It’s not unheard of to think of family history or family stories and have a spiritual feeling, some of those feelings can run deep. The organizers of RootsTech know and understand this and dedicate a part of the conference to talks of a spiritual nature on Saturday afternoon when it offers a Family Discovery Day. The talks and presentations stem from leaders of The Church of Jesus Christ of Latter-Day Saints, but have a spiritual nature that can be understood by all faiths.
This article is a re-cap of some of those messages from RootsTech 2016. Hopefully it can will provide a spiritual lift.
The first message was given by Dale Renlund, his wife Ruth and his daughter Ashley. Elder Renlund is a member of the Quorum of Twelve Apostles in the LDS Church. Renlund took the audience on a family history of journey of sorts, talking about his grandparents, Lena Sofia and Leander and their conversion story. They lived in Larsmo, a small island off the coast of Sweden. Their conversion was swift. They were baptized only one day after they met the missionaries. Leander died when their family was still young and it was difficult for Sofia. She worked hard to keep her family (of 10 children) intact.
Elder Renlund didn’t meet her until 1963 when he was only 11. “I had just turned 11 and she was 87. She was stooped from a lifetime of hard labor. She was so bowed over that when she stood from her chair, her height did not change. The skin of her face and hands was weather-beaten, as tough and textured as worn leather. She stood as best she could and pointed to a photo of Leander on the wall and said to me, in Swedish, ‘Det här är min gubbe’—this is my hubby.” At first, Elder Renlund thought she spoke out of turn, since her husband had been dead for so many years, but she in fact, was speaking in terms of an eternal nature. He didn’t realize that until he became an adult and understood things of a more spiritual nature. “I believe there are so many messages the Lord has given to us about working with our family history, and throughout my life I have been able to learn and connect to the example of my family,” he said.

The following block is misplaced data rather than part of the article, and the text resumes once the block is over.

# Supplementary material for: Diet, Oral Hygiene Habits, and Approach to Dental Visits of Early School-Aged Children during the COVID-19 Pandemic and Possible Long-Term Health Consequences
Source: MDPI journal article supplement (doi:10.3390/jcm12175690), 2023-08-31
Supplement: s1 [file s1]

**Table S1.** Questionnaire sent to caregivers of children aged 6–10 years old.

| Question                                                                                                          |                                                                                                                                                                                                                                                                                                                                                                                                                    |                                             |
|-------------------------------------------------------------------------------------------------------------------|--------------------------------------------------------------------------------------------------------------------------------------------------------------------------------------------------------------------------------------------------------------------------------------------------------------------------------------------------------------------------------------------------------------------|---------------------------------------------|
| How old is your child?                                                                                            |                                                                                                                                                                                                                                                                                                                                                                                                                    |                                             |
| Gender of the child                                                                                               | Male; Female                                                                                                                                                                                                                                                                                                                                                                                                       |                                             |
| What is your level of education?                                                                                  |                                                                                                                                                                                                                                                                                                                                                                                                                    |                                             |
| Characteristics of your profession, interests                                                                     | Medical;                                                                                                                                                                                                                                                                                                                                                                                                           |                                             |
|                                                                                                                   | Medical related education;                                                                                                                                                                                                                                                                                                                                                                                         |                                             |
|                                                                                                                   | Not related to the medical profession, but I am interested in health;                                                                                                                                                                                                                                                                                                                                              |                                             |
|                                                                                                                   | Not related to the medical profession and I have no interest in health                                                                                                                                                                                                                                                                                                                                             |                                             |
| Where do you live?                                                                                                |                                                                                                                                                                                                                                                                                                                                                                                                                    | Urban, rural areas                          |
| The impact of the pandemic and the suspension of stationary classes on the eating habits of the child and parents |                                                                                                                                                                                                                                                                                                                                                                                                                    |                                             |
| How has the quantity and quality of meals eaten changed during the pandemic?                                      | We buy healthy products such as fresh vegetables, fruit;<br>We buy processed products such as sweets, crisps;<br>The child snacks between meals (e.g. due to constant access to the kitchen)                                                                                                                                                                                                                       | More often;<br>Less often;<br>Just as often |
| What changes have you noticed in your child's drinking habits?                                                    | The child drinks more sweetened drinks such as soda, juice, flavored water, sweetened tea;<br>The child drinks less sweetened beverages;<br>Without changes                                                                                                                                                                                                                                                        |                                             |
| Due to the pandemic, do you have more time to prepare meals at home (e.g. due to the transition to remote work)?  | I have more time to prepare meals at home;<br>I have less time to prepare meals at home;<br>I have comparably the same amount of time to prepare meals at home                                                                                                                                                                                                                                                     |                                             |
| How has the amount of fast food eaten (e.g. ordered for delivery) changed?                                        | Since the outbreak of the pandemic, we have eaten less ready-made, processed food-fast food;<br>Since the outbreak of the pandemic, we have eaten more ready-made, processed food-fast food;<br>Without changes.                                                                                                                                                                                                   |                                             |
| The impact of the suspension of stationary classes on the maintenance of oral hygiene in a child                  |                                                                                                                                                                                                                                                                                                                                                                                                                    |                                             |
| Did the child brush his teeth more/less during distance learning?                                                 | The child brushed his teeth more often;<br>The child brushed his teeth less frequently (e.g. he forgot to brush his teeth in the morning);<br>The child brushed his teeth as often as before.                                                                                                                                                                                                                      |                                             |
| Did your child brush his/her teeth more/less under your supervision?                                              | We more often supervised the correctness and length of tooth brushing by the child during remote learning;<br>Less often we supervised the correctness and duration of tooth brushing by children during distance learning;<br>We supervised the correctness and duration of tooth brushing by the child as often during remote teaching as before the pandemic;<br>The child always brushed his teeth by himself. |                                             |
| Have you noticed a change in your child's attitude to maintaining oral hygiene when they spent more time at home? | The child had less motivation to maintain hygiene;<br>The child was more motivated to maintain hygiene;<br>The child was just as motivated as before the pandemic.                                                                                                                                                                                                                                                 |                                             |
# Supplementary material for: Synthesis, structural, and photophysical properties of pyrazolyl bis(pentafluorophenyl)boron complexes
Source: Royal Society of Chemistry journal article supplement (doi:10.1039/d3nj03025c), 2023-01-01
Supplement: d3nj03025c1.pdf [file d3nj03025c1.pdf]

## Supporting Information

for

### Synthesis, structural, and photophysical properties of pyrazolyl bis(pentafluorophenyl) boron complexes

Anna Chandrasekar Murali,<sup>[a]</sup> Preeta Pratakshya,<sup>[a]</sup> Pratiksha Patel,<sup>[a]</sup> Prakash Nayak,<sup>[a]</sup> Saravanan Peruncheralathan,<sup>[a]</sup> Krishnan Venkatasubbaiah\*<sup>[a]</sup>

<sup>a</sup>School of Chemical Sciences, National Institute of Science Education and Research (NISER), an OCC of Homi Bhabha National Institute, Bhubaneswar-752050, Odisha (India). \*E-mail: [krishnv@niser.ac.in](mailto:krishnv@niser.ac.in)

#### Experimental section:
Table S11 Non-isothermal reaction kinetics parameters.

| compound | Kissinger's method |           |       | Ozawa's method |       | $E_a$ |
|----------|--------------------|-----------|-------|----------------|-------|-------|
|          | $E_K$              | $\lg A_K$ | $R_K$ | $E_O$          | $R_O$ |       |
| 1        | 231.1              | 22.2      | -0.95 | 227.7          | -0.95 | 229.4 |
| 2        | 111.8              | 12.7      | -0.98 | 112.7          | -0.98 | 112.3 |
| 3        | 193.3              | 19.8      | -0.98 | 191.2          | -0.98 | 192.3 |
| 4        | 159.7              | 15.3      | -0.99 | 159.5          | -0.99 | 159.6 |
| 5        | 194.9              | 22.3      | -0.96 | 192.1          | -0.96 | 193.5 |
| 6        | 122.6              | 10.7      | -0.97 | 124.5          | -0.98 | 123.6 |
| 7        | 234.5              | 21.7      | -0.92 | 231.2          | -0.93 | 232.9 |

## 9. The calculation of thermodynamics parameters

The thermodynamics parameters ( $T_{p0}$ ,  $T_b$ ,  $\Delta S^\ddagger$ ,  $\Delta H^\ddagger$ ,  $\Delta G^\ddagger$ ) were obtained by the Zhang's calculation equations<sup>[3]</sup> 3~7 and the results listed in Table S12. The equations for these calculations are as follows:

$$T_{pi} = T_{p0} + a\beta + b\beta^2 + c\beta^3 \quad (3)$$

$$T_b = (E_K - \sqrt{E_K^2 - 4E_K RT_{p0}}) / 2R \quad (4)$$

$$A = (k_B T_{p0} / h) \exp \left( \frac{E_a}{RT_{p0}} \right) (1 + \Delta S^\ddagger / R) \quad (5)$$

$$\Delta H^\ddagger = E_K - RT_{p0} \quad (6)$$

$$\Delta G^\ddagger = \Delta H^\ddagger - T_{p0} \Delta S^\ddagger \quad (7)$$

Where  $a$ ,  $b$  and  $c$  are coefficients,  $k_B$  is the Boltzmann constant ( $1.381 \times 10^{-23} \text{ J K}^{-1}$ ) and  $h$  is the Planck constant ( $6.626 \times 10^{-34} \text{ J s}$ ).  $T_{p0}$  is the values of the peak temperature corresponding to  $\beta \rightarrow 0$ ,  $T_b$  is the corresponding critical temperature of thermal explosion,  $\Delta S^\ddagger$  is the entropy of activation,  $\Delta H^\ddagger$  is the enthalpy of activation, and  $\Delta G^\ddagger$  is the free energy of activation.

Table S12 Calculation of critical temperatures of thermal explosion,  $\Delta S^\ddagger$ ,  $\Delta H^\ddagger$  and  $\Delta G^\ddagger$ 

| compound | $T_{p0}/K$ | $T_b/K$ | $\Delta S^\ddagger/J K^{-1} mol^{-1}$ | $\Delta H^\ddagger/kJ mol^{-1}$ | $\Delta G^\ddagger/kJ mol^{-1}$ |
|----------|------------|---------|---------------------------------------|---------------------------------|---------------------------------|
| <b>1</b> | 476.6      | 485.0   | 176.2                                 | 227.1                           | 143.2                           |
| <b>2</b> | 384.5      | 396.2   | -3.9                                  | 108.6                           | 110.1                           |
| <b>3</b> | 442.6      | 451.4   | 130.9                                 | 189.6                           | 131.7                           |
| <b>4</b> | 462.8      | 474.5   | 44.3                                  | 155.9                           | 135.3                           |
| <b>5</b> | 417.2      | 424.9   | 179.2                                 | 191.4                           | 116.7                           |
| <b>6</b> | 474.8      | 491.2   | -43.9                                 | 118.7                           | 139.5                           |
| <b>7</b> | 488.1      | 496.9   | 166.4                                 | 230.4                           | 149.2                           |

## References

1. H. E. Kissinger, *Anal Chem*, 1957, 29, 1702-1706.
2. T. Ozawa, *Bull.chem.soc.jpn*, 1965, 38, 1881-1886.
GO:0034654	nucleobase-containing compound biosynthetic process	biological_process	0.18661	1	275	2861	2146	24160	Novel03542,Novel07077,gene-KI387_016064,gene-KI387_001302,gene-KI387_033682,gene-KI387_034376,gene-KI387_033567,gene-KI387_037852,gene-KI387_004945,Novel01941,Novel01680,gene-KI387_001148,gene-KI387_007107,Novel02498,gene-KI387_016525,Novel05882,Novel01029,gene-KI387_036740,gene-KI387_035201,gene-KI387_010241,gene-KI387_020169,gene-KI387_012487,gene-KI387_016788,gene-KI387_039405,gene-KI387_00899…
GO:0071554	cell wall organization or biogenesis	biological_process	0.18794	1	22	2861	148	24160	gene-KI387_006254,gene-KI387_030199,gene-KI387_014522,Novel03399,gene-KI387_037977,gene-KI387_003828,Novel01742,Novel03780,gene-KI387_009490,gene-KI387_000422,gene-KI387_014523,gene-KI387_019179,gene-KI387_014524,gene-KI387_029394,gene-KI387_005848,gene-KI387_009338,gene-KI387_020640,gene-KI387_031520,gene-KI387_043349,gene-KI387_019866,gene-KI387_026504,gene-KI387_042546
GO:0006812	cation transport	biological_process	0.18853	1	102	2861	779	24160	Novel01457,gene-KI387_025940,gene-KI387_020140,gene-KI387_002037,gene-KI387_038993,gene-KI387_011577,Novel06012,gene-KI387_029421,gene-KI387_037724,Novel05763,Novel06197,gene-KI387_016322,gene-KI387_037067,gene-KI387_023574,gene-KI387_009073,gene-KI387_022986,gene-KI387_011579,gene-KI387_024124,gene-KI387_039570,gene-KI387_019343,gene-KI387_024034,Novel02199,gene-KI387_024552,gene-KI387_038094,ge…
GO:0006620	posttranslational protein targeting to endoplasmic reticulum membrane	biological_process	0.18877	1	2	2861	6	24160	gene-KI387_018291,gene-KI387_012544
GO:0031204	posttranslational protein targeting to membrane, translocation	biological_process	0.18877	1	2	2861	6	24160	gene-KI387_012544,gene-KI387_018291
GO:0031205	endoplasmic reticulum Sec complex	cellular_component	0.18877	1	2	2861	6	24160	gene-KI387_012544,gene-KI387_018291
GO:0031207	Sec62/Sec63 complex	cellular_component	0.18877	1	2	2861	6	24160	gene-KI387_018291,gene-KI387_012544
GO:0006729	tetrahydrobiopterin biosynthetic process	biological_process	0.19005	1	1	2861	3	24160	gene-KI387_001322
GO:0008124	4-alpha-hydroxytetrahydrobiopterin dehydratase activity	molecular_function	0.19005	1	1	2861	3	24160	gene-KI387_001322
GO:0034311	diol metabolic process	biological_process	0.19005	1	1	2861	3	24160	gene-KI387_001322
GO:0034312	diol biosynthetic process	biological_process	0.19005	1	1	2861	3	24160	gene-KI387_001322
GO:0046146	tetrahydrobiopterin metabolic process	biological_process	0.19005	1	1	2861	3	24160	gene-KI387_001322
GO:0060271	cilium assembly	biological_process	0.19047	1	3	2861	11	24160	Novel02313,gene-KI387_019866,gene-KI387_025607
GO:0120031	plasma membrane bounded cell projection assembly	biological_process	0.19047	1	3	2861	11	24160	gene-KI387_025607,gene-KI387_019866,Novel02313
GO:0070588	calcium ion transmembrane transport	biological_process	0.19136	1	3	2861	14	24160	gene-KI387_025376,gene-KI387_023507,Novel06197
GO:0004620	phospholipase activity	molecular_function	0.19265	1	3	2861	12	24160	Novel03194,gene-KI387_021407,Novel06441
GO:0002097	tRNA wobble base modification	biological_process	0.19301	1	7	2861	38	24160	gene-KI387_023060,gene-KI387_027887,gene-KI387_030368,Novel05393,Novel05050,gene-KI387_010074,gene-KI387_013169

His daughter, Ashley, spoke of some of the traits she inherited from her aunt. The two are both bright and intelligent scientists. The both spoke of learning and knowing family traits and how that can give strength in life and how that knowledge can transfer over to things of an eternal nature, too.
Elder Renlund encouraged the audience to turn their hearts to family history work in whatever capacity they could handle at that time in their life. “I promise you protection for you and your family when you accept the challenge to do family history work,” Elder Renlund said. He noted that blessings will “begin to flow” and that people would find extra protection in their lives along with the power to change, learn and repent of misdeeds in their lives.
Sherrie Dew, former counselor in General Relief Society Presidency of the LDS Church and current executive and Deseret Book and well-known author, said that she has found when she is dedicated to finding family stories or doing family history work there are people who show up to help in different ways.
Wendy Nelson, wife of LDS General Authority Russell Nelson, spoke with Sherrie Dew. She encouraged those who have already caught the bug to do family history try to help others to understand what they know. “It’s easier to motivate someone to do something difficult than it is something easy,” she said with a laugh, then adding, “It’s true.”
“This work is all about people. The older I get, the more I realize the eternal nature of our lives,” Sherrie said.
All the speakers encouraged attendees to set some family history goals – no matter where they are in knowledge, but to just start! Family Discovery Day is free for families and will be held Saturday February 11. Tickets are still available for this year’s event. For more information visit the website.
By Rachel J. Trotter